Our country is so politically polarized these days, it’s hard to remember a time when Republicans and Democrats could agree on anything at all.
In today’s episode, we’re going back almost 80 years, to another extremely polarized moment in American history. It was 1940, and the U.S. was deeply divided about engaging in World War II. Franklin Roosevelt was running for his third term, facing a Republican challenger, Wendell Wilkie. But that election season, the Republican Party, The Democrats, and even the Communist Party managed to agree on one thing:
A song. It was called “Ballad for Americans.”
Campaigning While Female
A record-breaking number of women are running for Congress in the midterm elections this November. There are 257, dwarfing all previous years. And in 2020, we’ll likely see a record number of women running for President as well. It's a historic moment for women in politics. But what many people don’t know is that - over the years - there have actually been more than 35 women who have run for President.
Today on the show we have three stories of women who launched bids to be President of the United States: Victoria Woodhull, Margaret Chase Smith, and Shirley Chisholm.
These stories are part of our series, .
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Serving Time 9-5: Diaries from Prison Guards
Sergeant Furman Camel spent 27 years in a North Carolina Prison. That's as many years as Nelson Mandela spent behind bars. But Camel did his time, as likes to say, in 8 hour shifts.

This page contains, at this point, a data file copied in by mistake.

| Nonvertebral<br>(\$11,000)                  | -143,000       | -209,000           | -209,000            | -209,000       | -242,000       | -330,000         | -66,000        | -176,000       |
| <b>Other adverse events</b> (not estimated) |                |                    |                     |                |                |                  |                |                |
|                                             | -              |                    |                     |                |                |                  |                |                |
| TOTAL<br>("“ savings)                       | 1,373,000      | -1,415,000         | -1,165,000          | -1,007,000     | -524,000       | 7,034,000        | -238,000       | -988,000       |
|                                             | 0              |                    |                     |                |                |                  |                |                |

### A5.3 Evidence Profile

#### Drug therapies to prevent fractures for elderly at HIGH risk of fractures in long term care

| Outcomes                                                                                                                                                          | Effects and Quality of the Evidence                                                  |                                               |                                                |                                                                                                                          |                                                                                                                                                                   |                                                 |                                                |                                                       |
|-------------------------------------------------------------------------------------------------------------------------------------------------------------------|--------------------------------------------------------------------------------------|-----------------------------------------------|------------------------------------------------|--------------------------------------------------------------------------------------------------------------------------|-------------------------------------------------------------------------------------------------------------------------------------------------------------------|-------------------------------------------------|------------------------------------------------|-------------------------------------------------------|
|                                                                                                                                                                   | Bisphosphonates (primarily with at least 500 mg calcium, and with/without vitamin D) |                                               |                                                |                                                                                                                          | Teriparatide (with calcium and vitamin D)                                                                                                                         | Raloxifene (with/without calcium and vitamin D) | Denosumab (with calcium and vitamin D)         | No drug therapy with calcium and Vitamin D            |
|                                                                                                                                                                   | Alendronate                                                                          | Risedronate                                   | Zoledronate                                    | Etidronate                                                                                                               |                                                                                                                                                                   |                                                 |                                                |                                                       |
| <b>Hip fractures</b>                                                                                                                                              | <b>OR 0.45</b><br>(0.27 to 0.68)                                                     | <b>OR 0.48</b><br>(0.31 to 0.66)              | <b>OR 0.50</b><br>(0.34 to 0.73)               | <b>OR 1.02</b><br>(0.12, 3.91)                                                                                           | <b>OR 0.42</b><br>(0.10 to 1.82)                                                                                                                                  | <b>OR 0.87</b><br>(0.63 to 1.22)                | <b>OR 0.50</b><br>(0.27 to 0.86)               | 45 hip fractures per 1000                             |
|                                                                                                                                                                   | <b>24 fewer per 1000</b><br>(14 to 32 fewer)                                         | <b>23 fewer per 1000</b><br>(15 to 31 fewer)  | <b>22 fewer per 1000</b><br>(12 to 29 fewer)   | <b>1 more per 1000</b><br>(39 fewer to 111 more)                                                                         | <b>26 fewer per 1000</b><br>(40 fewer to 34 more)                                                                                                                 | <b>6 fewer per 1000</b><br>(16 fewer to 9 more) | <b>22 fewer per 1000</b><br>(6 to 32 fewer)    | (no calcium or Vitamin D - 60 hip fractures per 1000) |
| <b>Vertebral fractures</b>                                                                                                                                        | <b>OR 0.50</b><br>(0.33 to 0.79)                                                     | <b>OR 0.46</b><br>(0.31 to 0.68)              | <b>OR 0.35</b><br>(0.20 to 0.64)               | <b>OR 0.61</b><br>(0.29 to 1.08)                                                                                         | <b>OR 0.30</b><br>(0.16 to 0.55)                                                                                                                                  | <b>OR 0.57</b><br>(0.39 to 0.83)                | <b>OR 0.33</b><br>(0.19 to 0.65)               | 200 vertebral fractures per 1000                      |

"I wear this uniform with pride. Everyday that I come in here I'm creased down. My shoes are shined. And I smell good. The uniform is 90% of the job. Looking the part."
In this episode we bring you audio diaries from the prison guards who work at Polk Youth Institution.
Matthew and the Judge
We gave Judge Jeremiah, a Rhode Island juvenile court judge, and Matthew, a 16-year-old repeat offender, tape recorders. Through their audio diaries, Matthew and the judge tell the same story from two different sides of the bench.
Prisoners of War
During the war in Vietnam, there was a notorious American military prison on the outskirts of Saigon, called Long Binh Jail. But LBJ wasn’t for captured enemy fighters, it was for American soldiers.
These were men who had broken military law. And there were a lot of them. As the unpopular war dragged on, discipline frayed and soldiers started to rebel.
By the summer of 1968, over half the men in Long Binh Jail were locked up on AWOL charges. Some were there for more serious crimes, others for small stuff, like refusing to get a haircut. The stockade had become extremely overcrowded. Originally built to house 400 inmates, it became crammed with over 700 men, more than half African American.
On August 29th, 1968, the situation erupted. Fifty years later, we’re bringing you that story.
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